The US Supreme Court has approved making changes to a rule that will essentially expand the FBI's hacking powers across the country. The changes would allow the Department of Justice to secure warrants for remotely located electronic devices.
The changes, approved on 28 April, will amend Rule 41, essentially providing judges with the authority to grant warrants to remotely access suspects' computers, even when it is located outside their jurisdiction. In other words, a judge in New York would be allowed to issue a warrant authorising hacking into a suspect's computer or phone in any other state.
"Under the proposed rules, the government would now be able to obtain a single warrant to access and search thousands or millions of computers at once; and the vast majority of the affected computers would belong to the victims, not the perpetrators, of a cybercrime," said Oregon Senator Ron Wyden.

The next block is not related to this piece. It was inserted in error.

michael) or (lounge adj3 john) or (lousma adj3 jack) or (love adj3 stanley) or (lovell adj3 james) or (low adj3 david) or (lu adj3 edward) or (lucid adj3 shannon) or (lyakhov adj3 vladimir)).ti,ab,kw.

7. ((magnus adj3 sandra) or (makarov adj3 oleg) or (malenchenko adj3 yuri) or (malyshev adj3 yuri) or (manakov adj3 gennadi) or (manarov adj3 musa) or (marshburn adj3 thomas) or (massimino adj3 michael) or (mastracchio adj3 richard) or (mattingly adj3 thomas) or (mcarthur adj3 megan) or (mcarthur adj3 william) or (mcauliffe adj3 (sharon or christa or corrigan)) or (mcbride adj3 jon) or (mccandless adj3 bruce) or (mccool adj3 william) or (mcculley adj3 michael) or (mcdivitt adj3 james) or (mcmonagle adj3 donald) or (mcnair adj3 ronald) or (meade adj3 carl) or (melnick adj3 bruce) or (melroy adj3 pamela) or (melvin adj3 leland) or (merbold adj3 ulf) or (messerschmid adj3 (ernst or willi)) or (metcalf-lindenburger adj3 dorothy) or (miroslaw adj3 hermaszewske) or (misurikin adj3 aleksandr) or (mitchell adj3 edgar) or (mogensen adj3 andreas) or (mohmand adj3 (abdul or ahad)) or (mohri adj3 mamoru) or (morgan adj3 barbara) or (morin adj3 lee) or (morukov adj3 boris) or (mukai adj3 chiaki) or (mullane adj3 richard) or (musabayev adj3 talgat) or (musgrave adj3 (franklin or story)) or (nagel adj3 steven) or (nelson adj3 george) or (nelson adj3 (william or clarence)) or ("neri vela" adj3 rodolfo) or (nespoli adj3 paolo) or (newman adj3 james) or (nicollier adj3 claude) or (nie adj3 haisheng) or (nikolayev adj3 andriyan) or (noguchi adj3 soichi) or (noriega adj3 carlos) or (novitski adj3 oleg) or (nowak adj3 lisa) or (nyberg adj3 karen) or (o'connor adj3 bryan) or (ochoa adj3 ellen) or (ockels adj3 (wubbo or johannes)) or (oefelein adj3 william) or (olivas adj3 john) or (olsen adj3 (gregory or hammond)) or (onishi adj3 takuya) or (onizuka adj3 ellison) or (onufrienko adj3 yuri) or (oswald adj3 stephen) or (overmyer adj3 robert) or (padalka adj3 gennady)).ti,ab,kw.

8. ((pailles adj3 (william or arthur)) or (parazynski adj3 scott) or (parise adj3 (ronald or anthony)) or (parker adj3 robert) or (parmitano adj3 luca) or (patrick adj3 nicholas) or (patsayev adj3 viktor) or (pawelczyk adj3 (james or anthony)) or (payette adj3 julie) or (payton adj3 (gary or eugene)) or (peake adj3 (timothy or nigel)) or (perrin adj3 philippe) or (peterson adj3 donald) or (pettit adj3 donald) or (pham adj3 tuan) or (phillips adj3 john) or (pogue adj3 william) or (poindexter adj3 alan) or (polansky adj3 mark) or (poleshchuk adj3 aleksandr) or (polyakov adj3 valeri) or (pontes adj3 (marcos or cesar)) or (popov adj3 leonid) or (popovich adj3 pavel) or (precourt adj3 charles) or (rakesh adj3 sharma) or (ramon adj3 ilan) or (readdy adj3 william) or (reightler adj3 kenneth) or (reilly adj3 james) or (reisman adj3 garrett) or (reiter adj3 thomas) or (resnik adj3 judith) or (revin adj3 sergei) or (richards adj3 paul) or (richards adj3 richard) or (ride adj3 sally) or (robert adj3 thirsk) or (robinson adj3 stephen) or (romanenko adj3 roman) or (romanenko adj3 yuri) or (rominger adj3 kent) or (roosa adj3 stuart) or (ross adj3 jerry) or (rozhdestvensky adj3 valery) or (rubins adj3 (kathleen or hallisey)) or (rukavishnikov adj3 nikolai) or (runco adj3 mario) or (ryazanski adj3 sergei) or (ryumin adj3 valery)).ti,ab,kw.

The Bloomberg reported Peter Carr, spokesperson for the Justice Department, as saying: "The use of remote searches is often the only mechanism available to law enforcement to identify and apprehend."
The ruling has caused widespread concern among privacy activists, who claim implementing such a law would severely infringe on citizens privacy and may even give the FBI the powers to administer mass hacks.
The ruling comes on the heels of the encryption controversy, with the recent battle between Apple and the FBI adding fuel to it. Apple's victory resulted in the FBI having to employ a third party, which it is believed to have paid over $1m (£685,265) to hack into the San Bernardino killer's iPhone 5C. It is likely that the Justice Department's push to make changes in Rule 41 was born out of the FBI's very real need to gain more power in cybersecurity investigations.
The US Congress now has time till 1 December to either reject or modify the changes to Rule 41, after which it will officially go into effect.